It's Endangered Species Day! Why not celebrate by adding a small piece of habitat to your yard in the form of a native plant garden? The Rusty Patched Bumble Bee, an endangered species found in the metro area, would benefit from the addition.
The Rusty Patched Bumble Bee was added to the Federal Endangered Species List in 2017 and can be found in Apple Valley. While there are many contributing factors to the decline of this once common bumblebee, habitat loss is thought to be one of the potential critical factors in the decline of the Rusty Patched Bumble Bee. That's where you come in. Habitat for bees generally means providing a food source throughout the growing season (flowering plants from May through October), free of pesticides, with adequate nesting sites. Sound like a tall order? Not so. You can accomplish all that with a new native plant garden. This could be the easiest, most enjoyable bit of conservation work you will ever do. And you can accomplish it in your yard while adding some fabulous curb appeal. And did we mention grants? Yes, you may be able to get part of your new garden paid for. More on that below.
Why native plants? Setting aside some of the side benefits, like they're gorgeous, native plants are the plants that these bees have evolved with over time. For that reason, we know that native plants will provide adequate nutrition for these bees throughout the season. Additionally, most native plants sold by growers who specialize in native plants are grown without the use of pesticides, so we know they are relatively safe (beware of native plants sold from large commercial growers that don't specialize in native plants or big box stores - only buy plants that are neonicotinoid-free if pollinator conservation is your goal). On top of all that, you could be helping out other animals that rely on specific native plants to survive (think Monarch Butterflies and Milkweeds, or the Karner Blue Butterfly and Wild Blue Lupine). See a list of Rust Patched Bumble Bee superfoods.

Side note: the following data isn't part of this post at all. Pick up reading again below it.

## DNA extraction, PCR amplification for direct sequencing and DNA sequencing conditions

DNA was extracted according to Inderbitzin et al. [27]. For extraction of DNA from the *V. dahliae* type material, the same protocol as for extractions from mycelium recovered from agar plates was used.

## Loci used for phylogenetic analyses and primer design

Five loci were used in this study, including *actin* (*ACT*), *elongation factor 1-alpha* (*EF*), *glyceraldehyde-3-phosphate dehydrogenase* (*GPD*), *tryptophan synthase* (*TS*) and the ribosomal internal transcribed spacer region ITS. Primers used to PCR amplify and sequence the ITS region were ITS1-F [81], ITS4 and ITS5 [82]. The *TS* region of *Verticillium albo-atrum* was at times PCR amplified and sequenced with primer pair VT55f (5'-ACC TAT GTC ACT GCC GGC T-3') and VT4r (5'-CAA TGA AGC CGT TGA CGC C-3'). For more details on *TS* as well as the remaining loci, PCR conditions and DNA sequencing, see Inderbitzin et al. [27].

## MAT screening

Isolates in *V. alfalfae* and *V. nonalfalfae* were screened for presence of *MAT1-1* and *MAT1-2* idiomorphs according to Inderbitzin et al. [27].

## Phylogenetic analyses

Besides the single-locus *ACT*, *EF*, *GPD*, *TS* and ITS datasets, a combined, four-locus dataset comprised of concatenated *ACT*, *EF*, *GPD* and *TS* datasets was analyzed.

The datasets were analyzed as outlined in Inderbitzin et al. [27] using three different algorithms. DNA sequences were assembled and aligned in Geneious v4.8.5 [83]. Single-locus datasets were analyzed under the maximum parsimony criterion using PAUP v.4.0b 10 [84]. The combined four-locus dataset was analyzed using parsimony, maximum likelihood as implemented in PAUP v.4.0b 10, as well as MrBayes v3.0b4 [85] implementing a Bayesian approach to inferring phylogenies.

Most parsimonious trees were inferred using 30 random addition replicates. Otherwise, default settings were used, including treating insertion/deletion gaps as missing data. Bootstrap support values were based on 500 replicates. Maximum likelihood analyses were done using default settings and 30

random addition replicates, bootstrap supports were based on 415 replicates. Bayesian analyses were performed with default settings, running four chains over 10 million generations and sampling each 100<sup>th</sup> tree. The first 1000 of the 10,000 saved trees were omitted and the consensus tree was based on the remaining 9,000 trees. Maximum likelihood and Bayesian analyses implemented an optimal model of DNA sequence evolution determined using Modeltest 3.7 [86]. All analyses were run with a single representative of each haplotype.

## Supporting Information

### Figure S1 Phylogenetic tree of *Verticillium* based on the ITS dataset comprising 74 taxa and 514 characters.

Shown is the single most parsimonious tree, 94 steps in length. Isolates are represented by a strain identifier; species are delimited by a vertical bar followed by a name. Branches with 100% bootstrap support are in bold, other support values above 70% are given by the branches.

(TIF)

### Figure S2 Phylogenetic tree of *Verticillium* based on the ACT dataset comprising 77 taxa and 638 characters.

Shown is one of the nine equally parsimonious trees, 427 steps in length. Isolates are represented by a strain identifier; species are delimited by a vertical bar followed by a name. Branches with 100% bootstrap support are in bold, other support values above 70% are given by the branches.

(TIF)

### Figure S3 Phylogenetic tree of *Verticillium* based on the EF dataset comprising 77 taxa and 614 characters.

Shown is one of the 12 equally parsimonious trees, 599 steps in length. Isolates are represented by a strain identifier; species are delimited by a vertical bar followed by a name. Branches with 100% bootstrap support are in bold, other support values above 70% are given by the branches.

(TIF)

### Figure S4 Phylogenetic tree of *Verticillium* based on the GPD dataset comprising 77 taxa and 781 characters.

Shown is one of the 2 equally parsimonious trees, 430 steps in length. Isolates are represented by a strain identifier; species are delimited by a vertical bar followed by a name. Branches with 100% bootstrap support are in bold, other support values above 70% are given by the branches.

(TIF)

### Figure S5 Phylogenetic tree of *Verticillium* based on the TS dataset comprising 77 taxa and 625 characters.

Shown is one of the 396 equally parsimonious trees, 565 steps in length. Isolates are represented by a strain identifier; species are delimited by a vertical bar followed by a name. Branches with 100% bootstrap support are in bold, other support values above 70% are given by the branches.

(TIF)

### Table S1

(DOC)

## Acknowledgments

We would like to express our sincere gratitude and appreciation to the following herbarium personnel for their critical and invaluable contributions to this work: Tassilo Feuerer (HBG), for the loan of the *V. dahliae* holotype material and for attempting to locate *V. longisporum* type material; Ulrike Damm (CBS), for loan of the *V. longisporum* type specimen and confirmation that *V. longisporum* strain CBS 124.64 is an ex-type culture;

If you think that purchasing native plants might be a little daunting, rest easy. While most native plant suppliers are located on the outskirts of the metro, making them a bit of a drive to get to, many will deliver to your house for a modest fee, some sell at some of the farmers markets, and others have regular drop off locations located throughout the metro. Prices can be very reasonable with some growers charging less per plant the more plants you buy. There will also be some upcoming opportunities to purchase native plants from several growers at these metro area native plant sales:
Now about those grants, the City of Apple Valley and the Dakota County Soil and Water Conservation District (SWCD) have grant programs that seek to encourage installation of certain specialized types of gardens because they benefit water quality. Native plant gardens are one of those specialized garden projects (raingardens and native plant buffers being the others). Native plants are great for water quality because they reduce runoff by increasing infiltration, filter pollutants from stormwater, and require less chemical inputs and watering. So not only would addition of a new native plant garden to your yard help the bees, it would also help improve water quality in local lakes.
There is more help available if you are interesting in installing a native garden in your yard. The SWCD offers a series of workshops on Landscaping for Clean Water (attendance is mandatory to qualify for their grants). After attending an introductory workshop, you can sign up for a design workshop to help you plan for your new garden. The design workshop has lots of local experts in attendance to give you lots of one on one help with your project. If you qualify for a grant from the SWCD, they will also come to your yard and help you layout your new garden. There are only two more opportunities to attend a Landscaping for Clean Water Workshop this year, so be sure to use the link below to sign up if you are interested.
Let's get planting and help out the Rusty Patched Bumble Bee with a new native plant garden today.